BUFFALO, N.Y. -- The presence of children in the White House
will undoubtedly have an impact on the image of the U.S. currently
held by its own citizens and by those in countries around the
world, says Sampson Lee Blair, Ph.D., associate professor of
sociology at the University at Buffalo.
"People tend to perceive a parent, especially a parent of young
children, as kind, nurturing, protective and possessed of a
beneficent nature -- one that is pleasant and concerned about the
well-being of others," says Blair, who studies marriage and the
"Obama will not only be a young president, but a young father,
and it will be assumed that his domestic and foreign policies will
be colored by the effects they will have on his daughters."
Blair says most of us presume that parents, the most important
socialization force in the lives of children, are keenly aware of
their substantial influence on their sons and daughters. As guides,
disciplinarians and role models, they often give considerable
thought to how their choices and actions directly or indirectly
will influence their kids.
Blair says that, given our understanding of this, the fact that
he has young children may have sent more than a few votes Obama's
"As president, I would certainly expect to see Obama looking at
the country, and the rest of the world, through the lens of
fatherhood," Blair says.
"Understandably, most parents want to be able to help their
children to have a better life than they had. Parents want their
children to have both more and better quality education, they want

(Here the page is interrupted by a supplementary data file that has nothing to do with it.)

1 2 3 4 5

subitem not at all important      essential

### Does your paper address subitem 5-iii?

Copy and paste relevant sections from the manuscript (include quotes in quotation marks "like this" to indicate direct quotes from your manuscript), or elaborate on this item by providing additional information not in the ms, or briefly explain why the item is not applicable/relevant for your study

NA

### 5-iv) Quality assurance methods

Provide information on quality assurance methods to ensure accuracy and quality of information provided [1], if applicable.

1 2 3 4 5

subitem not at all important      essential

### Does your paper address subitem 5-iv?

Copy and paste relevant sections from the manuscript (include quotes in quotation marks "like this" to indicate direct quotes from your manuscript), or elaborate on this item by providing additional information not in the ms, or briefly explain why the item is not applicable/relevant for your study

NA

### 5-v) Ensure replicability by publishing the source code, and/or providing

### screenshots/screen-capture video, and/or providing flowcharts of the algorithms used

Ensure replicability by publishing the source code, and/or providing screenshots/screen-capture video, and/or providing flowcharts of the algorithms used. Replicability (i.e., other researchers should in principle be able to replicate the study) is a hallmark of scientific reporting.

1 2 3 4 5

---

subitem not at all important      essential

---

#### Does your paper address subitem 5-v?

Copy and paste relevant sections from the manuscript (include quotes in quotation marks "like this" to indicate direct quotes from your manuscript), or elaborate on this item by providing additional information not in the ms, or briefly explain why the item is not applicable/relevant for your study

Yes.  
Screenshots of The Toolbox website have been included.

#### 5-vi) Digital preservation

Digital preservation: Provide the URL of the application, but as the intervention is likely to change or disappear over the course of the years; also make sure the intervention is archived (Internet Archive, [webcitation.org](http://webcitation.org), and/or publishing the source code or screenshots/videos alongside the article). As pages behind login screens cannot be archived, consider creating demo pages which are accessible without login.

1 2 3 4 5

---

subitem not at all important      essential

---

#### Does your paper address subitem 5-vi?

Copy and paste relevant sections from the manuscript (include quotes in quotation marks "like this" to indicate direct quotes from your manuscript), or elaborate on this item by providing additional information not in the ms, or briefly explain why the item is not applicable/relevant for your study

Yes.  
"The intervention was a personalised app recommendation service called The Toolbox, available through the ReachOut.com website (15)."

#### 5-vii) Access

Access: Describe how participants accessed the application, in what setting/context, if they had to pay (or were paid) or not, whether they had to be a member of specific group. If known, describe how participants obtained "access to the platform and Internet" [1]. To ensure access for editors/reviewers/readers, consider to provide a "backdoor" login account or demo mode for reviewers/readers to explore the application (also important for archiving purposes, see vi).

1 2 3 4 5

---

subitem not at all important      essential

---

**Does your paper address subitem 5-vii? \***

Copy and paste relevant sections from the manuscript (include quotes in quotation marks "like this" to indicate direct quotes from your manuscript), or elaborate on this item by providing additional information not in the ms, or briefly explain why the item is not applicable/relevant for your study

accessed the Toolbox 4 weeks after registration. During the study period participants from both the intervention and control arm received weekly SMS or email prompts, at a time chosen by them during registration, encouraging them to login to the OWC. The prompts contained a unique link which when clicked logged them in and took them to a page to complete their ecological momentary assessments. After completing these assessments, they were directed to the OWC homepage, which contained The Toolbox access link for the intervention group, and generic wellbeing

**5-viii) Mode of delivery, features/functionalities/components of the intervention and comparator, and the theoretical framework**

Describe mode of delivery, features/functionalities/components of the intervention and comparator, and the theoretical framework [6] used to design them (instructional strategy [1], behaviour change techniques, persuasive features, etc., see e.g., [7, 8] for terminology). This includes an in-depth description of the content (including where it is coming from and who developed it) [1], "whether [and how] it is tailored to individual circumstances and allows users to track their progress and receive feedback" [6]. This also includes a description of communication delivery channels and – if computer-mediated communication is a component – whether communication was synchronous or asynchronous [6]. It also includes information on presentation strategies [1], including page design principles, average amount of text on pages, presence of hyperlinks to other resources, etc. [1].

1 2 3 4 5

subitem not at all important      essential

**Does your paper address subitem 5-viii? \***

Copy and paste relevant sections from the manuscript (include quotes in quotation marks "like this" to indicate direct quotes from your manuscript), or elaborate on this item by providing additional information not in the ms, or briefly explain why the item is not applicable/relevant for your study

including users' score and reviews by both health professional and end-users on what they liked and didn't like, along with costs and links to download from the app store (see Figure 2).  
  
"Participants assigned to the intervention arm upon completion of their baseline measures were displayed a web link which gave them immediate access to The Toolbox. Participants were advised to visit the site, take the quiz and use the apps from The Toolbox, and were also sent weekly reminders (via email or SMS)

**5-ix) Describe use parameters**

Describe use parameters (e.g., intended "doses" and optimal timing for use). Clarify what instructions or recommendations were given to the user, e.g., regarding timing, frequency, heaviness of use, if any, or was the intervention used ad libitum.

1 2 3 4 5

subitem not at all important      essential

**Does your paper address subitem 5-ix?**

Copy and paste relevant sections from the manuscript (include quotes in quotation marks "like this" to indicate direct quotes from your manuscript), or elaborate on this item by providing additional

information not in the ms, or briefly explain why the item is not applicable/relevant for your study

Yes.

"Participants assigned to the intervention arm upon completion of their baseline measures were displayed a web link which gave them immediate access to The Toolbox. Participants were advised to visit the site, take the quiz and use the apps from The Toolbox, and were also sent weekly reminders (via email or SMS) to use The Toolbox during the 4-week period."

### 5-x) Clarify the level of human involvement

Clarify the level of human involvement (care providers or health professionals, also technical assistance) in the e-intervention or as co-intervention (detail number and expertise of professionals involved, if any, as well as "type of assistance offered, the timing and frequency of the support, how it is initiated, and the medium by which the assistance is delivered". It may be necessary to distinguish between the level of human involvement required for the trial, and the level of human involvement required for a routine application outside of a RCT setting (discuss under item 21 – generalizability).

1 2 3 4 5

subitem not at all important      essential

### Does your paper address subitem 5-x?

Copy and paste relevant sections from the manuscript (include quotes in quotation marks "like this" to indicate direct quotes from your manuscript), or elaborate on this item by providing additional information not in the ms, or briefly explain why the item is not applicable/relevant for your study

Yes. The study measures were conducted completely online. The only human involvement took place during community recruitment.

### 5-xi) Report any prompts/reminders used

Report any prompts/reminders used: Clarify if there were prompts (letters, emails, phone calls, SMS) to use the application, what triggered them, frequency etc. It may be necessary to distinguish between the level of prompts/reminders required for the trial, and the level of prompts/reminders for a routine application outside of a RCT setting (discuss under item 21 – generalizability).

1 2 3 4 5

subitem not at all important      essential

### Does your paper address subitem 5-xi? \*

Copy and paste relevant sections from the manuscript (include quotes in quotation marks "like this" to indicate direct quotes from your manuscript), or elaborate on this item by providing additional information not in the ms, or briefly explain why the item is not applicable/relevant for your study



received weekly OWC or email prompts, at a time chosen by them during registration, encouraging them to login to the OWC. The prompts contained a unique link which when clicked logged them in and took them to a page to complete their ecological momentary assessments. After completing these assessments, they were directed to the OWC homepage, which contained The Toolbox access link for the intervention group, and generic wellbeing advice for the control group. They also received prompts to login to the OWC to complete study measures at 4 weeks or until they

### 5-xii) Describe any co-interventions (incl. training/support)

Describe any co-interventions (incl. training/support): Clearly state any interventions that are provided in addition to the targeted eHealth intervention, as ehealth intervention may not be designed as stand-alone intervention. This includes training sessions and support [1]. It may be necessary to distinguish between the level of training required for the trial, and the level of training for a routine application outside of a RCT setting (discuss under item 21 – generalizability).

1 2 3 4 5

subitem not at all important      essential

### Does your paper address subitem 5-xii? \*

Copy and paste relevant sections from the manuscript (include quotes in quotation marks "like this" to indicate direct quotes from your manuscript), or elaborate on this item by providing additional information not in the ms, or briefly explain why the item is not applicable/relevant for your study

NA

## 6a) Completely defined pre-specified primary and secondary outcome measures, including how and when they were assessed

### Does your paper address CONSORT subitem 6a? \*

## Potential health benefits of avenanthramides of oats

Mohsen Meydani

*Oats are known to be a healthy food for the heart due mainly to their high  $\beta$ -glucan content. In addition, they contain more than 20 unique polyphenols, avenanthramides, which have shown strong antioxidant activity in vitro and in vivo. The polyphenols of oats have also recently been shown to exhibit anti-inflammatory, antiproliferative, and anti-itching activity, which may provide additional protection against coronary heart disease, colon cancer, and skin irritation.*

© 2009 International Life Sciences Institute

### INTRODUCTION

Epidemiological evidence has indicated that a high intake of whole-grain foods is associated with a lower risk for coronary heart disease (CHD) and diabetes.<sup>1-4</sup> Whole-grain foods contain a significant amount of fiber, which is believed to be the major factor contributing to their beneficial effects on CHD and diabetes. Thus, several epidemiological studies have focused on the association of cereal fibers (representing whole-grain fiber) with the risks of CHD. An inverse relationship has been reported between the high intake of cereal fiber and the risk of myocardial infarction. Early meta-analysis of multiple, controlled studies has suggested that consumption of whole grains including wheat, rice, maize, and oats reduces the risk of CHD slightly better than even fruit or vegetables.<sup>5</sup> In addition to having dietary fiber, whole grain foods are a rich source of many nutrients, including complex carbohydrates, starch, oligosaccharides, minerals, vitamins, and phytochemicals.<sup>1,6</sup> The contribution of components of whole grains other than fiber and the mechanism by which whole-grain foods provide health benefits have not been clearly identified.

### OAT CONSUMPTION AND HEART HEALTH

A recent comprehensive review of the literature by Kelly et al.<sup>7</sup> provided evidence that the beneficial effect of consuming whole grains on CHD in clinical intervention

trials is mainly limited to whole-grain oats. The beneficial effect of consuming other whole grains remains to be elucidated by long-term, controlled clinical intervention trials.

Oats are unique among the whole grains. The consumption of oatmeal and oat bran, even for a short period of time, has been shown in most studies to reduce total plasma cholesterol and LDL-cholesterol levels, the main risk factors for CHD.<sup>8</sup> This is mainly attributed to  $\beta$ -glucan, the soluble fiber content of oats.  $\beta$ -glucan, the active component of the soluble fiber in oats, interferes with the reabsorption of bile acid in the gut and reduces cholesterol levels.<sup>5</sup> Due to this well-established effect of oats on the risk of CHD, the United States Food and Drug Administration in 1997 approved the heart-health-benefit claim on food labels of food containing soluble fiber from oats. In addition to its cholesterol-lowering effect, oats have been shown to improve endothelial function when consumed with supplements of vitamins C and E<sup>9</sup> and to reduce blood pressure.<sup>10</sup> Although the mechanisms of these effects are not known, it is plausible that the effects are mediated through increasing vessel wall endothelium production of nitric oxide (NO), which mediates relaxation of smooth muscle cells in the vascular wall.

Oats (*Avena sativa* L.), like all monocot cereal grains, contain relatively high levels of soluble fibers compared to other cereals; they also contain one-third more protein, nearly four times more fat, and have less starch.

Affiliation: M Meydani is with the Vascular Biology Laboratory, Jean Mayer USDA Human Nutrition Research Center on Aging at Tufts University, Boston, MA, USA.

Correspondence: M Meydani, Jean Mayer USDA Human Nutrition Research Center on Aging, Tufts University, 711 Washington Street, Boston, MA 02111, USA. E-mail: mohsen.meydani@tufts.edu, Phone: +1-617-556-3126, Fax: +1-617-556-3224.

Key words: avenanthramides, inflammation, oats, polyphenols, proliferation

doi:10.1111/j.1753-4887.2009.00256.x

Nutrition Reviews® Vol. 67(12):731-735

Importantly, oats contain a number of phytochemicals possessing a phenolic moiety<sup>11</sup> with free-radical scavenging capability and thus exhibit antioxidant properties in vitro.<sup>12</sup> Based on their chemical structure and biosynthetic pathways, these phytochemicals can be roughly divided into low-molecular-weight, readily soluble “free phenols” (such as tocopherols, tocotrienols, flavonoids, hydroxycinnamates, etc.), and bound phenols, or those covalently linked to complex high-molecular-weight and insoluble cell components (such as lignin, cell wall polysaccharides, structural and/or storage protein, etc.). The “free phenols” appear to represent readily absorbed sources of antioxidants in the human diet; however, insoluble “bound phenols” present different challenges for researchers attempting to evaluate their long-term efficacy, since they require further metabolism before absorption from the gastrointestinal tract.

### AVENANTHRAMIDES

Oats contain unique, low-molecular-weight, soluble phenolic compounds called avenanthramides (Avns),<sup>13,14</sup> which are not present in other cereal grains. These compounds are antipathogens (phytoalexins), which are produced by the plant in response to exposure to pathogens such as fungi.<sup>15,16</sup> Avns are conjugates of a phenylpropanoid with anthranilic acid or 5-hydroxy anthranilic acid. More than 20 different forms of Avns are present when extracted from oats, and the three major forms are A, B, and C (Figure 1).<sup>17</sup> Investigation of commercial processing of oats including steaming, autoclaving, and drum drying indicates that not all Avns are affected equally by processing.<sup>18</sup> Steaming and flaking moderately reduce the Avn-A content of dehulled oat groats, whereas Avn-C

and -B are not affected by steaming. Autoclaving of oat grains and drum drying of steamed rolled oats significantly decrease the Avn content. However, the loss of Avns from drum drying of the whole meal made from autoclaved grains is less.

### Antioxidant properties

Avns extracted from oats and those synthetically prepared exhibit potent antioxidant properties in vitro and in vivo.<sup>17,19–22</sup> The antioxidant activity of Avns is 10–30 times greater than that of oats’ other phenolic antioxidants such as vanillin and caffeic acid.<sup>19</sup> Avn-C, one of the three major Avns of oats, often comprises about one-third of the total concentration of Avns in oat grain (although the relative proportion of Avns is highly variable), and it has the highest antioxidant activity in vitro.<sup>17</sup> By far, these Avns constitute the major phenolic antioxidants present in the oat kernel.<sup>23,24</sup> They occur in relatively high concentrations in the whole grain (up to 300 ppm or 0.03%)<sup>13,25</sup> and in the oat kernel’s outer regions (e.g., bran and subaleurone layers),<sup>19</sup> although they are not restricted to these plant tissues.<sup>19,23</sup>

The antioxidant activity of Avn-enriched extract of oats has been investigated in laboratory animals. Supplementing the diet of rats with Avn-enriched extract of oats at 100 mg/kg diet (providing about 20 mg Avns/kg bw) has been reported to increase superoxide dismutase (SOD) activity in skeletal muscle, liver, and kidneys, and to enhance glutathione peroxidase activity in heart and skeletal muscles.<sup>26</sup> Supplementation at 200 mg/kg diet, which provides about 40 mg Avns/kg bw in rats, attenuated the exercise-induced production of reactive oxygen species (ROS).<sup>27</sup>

their children to have a better job (though that may be difficult
for the Obama girls to achieve!) and they want their children to
live in a safe and peaceful world.
"Although virtually every parent aspires to give such things to
their children," he says, "President Obama will be in a unique
position to give these to not only his daughters, but to the entire
generation of children that his daughters represent in his
"This is a very appealing and reassuring proposition for the
public," Blair says. He has two daughters himself and says he found
the idea of having a parent in the White House very appealing.
Blair notes that over the past decade, politicians have directed
much of their attention and action toward appeasing the baby boom
generation. This is quite understandable, he says, because the
boomers do, in fact, make up a large portion of the voting
"Many of that generation are now either retired or rapidly
approaching retirement, however," Blair points out. "With McCain
the face -- literally -- of the Republican ticket, many voters may
have thought his concerns would have a generational quality about
them -- that perhaps the needs of the elderly population would be
given greater attention than those of the younger generation."
He suggests that true or not, a McCain presidency may have been
perceived as likely to direct money toward Medicare, rather than
"This generational divide is made evident by the fact that John
McCain was born years before the baby boom began. Obama, born at
its extreme end," Blair says, "grew up during the Cold War, during
the Vietnam War, during the Watergate scandal and during the
recession of the early 1980s. He has felt the effect of government
policies on American children and adolescents and it has had
consequences for his life and thought."
Blair is director of undergraduate studies in the UB Department
of Sociology. His research and extensive publications focus on the
sociology of the family, child and adolescent development, gender
and ethnicity. He is former senior editor of Sociological
Inquiry and served as an associate editor on the boards of
Social Justice Research, Journal of Family Issues and
Marriage & Family Review.
The University at Buffalo is a premier research-intensive public
university, a flagship institution in the State University of New
York system and its largest and most comprehensive campus. UB's
more than 28,000 students pursue their academic interests through
more than 300 undergraduate, graduate and professional degree
programs. Founded in 1846, the University at Buffalo is a member of
the Association of American Universities.